Cape Town — Africa’s prospects for economic growth are improving as a result of reforms in macro-economic management and trade policy, as well as better governance, the World Bank reports today.
In a study entitled Africa Development Indicators 2007, the bank says that “something decidedly new is on the horizon in Africa...Many African economies appear to have turned the corner and moved to a path of faster and steadier economic growth.”
Economic performance in the decade until 2005 reversed the “collapses” of the decade ending in 1985, and the “stagnations” of the ensuing 10 years.
“For the first time in three decades,” the report adds, “African economies are growing with the rest of the world. Average growth in the sub-Saharan economies was 5.4 percent in 2005 and 2006. The consensus projection is 5.3 percent for 2007 and 5.4 percent for 2008.”
Although highly-priced oil and mineral exports are driving much of the growth, the report says, “18 non-mineral economies, with more than a third of the sub-Saharan African people, have also been doing well.”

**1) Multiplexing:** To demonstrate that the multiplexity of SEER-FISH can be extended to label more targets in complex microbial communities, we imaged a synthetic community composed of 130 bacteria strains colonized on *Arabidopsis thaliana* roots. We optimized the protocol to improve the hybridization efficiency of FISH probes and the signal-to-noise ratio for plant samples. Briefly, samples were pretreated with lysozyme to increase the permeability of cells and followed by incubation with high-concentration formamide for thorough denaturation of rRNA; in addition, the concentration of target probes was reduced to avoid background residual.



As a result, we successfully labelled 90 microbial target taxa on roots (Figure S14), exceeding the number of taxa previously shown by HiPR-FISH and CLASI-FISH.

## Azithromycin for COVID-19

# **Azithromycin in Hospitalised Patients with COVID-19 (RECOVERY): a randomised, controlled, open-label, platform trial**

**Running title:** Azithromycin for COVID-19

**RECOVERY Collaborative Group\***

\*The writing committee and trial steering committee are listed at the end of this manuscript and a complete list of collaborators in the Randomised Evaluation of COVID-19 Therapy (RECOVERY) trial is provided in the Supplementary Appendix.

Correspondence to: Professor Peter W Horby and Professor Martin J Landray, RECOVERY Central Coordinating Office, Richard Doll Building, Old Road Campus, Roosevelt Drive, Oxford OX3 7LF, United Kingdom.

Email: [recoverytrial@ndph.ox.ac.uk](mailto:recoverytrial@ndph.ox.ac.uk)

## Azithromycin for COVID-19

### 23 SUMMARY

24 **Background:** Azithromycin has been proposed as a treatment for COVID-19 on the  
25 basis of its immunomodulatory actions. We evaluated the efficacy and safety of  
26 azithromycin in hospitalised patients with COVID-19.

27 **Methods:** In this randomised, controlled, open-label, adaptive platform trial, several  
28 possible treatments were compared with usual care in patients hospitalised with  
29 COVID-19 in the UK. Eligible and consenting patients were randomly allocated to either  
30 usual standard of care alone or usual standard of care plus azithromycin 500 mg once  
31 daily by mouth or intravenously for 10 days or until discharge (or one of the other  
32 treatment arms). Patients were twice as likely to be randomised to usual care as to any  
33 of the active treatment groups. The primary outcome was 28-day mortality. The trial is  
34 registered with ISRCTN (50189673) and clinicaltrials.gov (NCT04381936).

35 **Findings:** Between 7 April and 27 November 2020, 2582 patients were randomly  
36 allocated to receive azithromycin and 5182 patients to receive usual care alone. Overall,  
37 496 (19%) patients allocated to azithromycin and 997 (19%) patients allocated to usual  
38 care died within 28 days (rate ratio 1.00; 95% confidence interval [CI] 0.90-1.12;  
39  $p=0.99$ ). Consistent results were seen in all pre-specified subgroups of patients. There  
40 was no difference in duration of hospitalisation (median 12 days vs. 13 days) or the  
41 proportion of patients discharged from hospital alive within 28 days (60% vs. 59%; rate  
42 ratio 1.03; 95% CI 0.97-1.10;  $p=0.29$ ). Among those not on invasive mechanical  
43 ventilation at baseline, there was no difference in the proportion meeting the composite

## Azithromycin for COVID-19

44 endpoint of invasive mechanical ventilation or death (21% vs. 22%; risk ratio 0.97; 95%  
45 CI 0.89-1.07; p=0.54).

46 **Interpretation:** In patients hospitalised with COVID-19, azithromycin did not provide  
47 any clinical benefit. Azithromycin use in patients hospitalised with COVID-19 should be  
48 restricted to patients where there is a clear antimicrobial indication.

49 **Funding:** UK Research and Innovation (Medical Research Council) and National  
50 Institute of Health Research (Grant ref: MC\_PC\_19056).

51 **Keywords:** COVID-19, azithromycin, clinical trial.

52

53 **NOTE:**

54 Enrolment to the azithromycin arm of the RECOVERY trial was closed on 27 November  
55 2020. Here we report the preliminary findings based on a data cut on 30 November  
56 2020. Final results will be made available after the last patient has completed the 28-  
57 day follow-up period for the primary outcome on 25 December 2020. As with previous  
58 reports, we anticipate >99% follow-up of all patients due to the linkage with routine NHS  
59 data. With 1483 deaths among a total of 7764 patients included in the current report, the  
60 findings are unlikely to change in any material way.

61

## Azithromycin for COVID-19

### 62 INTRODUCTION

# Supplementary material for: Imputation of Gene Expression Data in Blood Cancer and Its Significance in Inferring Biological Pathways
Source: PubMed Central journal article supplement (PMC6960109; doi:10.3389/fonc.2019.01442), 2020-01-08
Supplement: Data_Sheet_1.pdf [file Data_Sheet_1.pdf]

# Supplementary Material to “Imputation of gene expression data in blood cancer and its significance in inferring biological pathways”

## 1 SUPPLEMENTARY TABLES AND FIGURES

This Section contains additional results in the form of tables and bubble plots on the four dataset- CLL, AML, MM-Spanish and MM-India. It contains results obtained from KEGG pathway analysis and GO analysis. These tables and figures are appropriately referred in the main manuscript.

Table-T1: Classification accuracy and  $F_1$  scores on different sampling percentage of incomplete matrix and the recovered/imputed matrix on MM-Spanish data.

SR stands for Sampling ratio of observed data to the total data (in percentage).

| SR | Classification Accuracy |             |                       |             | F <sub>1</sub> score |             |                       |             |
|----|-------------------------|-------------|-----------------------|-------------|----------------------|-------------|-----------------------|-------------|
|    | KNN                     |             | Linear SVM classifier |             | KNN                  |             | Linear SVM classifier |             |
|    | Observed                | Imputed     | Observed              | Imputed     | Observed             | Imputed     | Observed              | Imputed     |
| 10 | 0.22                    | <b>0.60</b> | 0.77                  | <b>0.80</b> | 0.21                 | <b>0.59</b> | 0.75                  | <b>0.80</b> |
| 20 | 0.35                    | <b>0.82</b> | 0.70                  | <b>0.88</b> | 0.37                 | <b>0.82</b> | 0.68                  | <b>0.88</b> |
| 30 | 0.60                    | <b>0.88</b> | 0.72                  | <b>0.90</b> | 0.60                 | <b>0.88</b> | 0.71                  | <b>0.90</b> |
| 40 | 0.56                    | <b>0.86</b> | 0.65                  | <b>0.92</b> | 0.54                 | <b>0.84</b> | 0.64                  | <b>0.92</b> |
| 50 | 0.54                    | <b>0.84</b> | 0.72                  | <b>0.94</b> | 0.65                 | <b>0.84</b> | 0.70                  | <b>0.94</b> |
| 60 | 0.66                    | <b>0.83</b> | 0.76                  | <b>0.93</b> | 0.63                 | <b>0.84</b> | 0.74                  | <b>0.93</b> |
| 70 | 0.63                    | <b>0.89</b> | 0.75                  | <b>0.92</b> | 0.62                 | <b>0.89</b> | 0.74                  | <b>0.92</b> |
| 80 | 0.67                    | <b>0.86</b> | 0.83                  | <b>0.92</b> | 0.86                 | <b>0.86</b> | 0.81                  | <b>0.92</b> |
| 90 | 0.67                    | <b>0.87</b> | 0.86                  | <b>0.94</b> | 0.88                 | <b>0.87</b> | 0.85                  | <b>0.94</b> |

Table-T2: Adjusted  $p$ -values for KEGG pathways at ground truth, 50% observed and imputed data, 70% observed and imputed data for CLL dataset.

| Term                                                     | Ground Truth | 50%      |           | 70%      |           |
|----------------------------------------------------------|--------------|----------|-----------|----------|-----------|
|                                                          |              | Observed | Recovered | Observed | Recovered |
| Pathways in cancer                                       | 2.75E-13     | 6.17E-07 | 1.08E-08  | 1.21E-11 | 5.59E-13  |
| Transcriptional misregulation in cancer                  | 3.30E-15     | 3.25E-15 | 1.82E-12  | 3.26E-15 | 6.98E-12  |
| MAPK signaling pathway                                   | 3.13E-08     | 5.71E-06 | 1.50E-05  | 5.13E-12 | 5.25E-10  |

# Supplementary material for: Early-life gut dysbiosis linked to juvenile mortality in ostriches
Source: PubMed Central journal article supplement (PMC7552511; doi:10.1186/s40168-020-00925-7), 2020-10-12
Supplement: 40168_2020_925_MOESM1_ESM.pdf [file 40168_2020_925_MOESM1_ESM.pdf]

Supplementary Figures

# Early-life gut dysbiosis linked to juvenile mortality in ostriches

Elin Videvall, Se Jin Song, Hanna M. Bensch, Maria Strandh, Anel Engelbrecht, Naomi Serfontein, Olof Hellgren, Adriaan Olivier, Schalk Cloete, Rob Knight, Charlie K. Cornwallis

Citing factors within the continent which have created the good news, the report says: “Inflation, budget deficits, exchange rates, and foreign debt payments are more manageable. Economies are more open to trade and private enterprise. Governance is also on the mend, with more democracies and more assaults on corruption.”
Dealing in more detail with the role of policies and governance, the report says the continent is enjoying better growth prospects “because its leaders have undertaken major reforms over the past 10 years.”
The number of African countries which achieve an internationally-recognized “good performance” benchmark in macro-economic management and trade policy have risen between 1999 and 2006 from five to 15. And 27 of 36 countries evaluated have improved their performance.
Citing Gambia, Ghana, Kenya, Madagascar, Senegal and Tanzania, the bank says its recent data also “provide some evidence of better governance.” But it says four countries have undergone “large declines in governance indicators” – Central African Republic, Côte d’Ivoire, Eritrea and Zimbabwe.
And five countries still suffer civil wars, it adds, although that is fewer than the 16 afflicted in the late 1990s.